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Court Economists

December 29, 2005

Anyone who has followed the literature of economics knows that articles in the professional journals tend to take a standard form. If the article is purely theoretical, the setup will be something like: introduction, literature, model, and policy implications. If the article is empirical, it will go something like: introduction, literature, model, data, econometric estimates, and policy implications. In either event, those "policy implications," at whose pronouncement the whole effort seems dedicated, generally take the form of recommendations for the government to do something. Articles that conclude either that the government should do nothing or that it should close up shop completely are, shall we say, uncommon.

Thus, the presumptive role of adviser to the powers that be seems almost inherent in the practice of economics in the past century. To call the practitioners "court economists" would not be wholly off base. To imply that every economist who follows the standard forms is ipso facto a prostitute of the state would be unwarranted, of course. Even some who serve on the faculties of state universities—you know who you are—dedicate themselves to preserving and protecting the free market. A handful are even anarchists working at public expense (imagine that!). Think of these pro-market economists as, to borrow the old commie expression, boring from within.

Sometimes, however, the inclination to indict the economists as complete sellouts to the state is almost irresistible. Which brings me to the burr under my saddle today.

While looking through the June 2005 issue of the Journal of Economic Literature, I came upon the listing (p. 563) for a book called Taxing the Hard-to-Tax: Lessons from Theory and Practice, edited by James Alm, Jorge Martinez-Vazquez, and Sally Wallace and published by Elsevier in 2004. The journal's just-the-facts-ma'am description of the book reads as follows: "Eleven papers, originally presented at a conference held in Atlanta in May 2003 and sponsored by the Andrew Young School of Policy Studies at Georgia State University, provide an international perspective on the problem of taxing hard-to-tax activities, sectors, or individuals and explore policy options for taxing the hard-to-tax."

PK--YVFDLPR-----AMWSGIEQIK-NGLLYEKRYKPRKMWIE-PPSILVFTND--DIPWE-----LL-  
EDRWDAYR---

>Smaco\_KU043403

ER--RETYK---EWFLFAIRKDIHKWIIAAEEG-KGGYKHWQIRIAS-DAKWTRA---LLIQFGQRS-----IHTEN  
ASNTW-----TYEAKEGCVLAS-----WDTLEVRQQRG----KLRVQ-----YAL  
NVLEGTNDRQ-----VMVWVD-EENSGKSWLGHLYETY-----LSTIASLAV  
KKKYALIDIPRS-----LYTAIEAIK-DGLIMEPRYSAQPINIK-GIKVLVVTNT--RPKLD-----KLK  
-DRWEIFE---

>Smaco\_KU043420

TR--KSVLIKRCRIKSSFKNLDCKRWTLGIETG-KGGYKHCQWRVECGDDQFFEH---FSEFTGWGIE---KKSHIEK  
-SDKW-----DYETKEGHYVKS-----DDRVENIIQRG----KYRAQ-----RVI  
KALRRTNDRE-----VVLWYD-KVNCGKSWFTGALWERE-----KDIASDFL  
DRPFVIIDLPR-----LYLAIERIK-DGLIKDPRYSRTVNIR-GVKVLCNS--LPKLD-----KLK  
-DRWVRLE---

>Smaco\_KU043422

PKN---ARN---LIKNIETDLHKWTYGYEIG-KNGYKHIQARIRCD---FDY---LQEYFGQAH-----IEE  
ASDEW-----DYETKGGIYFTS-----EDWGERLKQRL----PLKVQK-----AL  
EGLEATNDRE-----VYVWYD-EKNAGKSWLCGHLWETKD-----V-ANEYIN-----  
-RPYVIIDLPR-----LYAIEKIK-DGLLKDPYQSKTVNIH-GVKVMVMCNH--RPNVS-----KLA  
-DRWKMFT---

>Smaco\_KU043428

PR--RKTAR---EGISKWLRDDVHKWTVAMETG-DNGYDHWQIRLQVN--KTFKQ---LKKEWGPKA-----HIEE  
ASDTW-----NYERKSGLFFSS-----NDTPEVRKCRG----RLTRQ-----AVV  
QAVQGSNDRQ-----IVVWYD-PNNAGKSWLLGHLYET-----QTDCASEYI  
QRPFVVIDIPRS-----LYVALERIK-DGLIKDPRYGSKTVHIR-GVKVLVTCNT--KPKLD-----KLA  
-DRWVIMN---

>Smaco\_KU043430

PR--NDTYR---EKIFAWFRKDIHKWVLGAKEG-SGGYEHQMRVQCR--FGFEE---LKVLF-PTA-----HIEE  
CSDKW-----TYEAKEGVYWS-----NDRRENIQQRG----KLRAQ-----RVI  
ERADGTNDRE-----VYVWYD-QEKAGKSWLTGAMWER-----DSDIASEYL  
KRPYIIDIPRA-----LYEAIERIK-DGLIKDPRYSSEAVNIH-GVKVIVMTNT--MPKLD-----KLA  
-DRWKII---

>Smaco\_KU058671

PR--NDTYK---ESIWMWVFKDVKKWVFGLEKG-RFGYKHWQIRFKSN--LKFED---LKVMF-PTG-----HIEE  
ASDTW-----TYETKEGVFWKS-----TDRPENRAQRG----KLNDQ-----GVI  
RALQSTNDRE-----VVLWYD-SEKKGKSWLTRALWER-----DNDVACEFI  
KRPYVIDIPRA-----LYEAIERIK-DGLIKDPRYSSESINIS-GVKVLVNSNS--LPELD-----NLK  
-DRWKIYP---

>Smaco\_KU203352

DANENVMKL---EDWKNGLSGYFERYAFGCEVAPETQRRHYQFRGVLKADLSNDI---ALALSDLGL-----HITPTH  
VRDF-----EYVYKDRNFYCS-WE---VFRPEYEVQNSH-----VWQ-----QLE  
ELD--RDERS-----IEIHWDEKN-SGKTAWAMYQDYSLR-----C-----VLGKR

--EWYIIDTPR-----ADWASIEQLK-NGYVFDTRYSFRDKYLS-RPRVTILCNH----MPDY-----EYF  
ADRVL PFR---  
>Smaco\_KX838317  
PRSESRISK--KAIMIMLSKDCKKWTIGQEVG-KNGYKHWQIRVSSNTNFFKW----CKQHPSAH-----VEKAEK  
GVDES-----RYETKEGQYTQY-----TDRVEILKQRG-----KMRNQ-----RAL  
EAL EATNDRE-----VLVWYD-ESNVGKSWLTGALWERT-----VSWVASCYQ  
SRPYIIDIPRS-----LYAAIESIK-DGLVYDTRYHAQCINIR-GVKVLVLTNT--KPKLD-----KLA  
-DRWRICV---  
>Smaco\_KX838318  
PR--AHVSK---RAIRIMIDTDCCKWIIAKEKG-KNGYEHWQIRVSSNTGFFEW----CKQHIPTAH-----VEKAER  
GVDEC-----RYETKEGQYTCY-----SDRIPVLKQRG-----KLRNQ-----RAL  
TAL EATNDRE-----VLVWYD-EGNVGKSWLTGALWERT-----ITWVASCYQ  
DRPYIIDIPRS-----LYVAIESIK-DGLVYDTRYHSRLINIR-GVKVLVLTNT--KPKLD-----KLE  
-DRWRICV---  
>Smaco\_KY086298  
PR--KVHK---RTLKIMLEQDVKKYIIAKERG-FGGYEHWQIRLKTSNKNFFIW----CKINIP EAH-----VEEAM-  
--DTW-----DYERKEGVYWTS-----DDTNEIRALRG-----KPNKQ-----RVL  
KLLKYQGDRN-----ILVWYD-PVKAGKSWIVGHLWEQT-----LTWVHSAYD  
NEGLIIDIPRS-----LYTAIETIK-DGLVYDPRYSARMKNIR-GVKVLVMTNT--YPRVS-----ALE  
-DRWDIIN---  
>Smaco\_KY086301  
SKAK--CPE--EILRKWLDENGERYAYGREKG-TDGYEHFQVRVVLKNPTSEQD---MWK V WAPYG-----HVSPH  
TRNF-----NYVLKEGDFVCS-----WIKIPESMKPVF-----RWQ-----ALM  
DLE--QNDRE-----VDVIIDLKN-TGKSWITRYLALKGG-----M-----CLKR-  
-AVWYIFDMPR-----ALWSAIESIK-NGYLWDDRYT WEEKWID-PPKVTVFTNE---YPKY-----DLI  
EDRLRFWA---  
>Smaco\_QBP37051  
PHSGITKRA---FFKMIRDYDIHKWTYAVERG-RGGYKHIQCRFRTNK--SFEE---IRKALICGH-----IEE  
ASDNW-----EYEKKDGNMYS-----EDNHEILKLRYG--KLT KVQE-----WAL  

Now, when I hear about anyone who is managing to escape the tax collector, my personal inclination is to break out the champagne for a celebration. My professional inclination as an economist is to note that in this case many of the inefficiencies that accompany taxation are being avoided (in my value-free professional guise, I say nothing about avoiding the injustice of transferring wealth from the creators and the justly entitled to the wreckers and the looters). Why would any economist want to assist the state in carrying out more extensively an activity whose upshot is distortions of resource allocation, deadweight costs, administrative costs, and wastes of countless sorts, all of which might be bundled within the concept of inefficiency? Does the question answer itself?

The JEL's description notes that Taxing the Hard-to-Tax deals with, inter alia, "the costs and benefits of a marginal reallocation of tax agency resources in pursuing the hard-to-tax; sales taxation in a global economy; a possible approach to taxing agriculture in a developing country; . . . taxing the urban unrecorded economy in sub-Saharan Africa; and strategies for taxing the hard-to-tax in the twenty-first century." As the poker player holding the winning hand might say as he reveals his cards, "read 'em and weep."

I have not seen this book. All I know about it comes from the JEL's description. I don't expect to order the book or to have any further contact with it. Just thinking about the members of my profession cranking out this sort of thing makes me want to retch.

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